Well that sucks. We have it much better.

PAYG Android handsets are pretty new here but they're gaining traction and their specifications are getting eerily close to the high end handsets that require a £30+ 24 month contract. A £100 handset is only about a single generation behind the current high end (and matches it in some areas like RAM, display resolution).

Surely its only a matter of time before similar handsets hit the US? That's when the power of Android will seriously start to show. When you can buy an Android smartphone that can do anything an iPhone can for less than the price of an iPod Touch without having to sign up to any sort of contract, that's when things get seriously interesting. Its already happening here in the UK and hopefully the US isn't too far behind.

He's only half right -- we can buy unlocked devices here, it's just very expensive.
 

zoku88

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entrement said:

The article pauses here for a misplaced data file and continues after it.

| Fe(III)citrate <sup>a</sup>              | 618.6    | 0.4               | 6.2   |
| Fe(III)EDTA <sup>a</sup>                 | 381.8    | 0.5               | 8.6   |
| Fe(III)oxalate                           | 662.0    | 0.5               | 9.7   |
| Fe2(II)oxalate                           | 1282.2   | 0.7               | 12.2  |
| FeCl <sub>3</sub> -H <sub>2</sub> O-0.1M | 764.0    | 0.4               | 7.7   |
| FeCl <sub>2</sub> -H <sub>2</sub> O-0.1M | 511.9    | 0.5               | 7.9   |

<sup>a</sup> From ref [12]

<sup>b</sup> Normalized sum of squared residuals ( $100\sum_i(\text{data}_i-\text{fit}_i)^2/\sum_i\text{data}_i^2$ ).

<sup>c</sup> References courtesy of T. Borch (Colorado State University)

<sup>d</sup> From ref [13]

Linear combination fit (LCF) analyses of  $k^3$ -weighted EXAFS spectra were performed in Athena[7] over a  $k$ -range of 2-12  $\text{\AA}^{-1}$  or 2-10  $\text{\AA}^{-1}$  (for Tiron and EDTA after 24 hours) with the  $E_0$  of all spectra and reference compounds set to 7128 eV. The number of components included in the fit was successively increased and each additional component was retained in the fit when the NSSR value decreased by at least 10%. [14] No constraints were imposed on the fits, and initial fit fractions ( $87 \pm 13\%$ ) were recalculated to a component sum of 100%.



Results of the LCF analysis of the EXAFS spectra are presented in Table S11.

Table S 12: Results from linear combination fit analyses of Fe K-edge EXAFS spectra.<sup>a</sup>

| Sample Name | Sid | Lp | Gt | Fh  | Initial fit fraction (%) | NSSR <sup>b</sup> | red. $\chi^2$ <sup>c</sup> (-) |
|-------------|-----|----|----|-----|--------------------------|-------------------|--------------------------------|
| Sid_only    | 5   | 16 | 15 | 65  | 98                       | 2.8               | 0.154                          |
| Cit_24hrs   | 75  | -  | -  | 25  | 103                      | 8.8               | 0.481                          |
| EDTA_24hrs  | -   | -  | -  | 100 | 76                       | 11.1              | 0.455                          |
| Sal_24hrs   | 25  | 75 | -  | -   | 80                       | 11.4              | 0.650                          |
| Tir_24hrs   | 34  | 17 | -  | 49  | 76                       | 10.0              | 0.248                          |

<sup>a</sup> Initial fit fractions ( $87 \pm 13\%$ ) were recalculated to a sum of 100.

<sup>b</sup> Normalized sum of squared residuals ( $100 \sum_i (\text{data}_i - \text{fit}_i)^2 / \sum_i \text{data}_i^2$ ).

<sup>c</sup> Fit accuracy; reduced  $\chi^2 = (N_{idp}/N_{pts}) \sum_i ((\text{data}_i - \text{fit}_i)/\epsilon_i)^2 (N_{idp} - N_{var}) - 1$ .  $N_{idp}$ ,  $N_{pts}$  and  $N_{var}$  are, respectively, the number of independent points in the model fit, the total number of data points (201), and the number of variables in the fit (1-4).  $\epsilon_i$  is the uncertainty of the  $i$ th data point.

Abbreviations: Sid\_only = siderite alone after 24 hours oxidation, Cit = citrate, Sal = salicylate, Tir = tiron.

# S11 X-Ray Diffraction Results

Are their any Android competitors to the iPod Touch? That's seems like a big opening for Android, but it doesn't seem like any manufacturer wants to touch that space and let Apple run away with it.
Samsung was making some Galaxy PMP.

There might be some others, but they're probably mostly in Asia.
Burger said:
Why bring it up ?

Because people see the chart in the OP and it looks like Google is winning. Google is winning market share. Google wants market share because it makes money when people use Android.

Apple doesn't want market share, they don't give a stuff. They want profit, and they are making buckets of profit from selling iPhones.

The article even compares Google vs Apple to the Microsoft vs Apple of yesteryear. It's such a bullshit comparison. This whole 'he who wins marketshare, wins' is a crock.
Again, why should anyone care about what you just said. It's irrelevant. Google, Apple, RIM, whoever, the only thing that affects the consumers are their marketshare and the quality of the products. The fact that Apple makes more profit with less market share means crock to anyone who doesn't have Apple stock.
 

Burger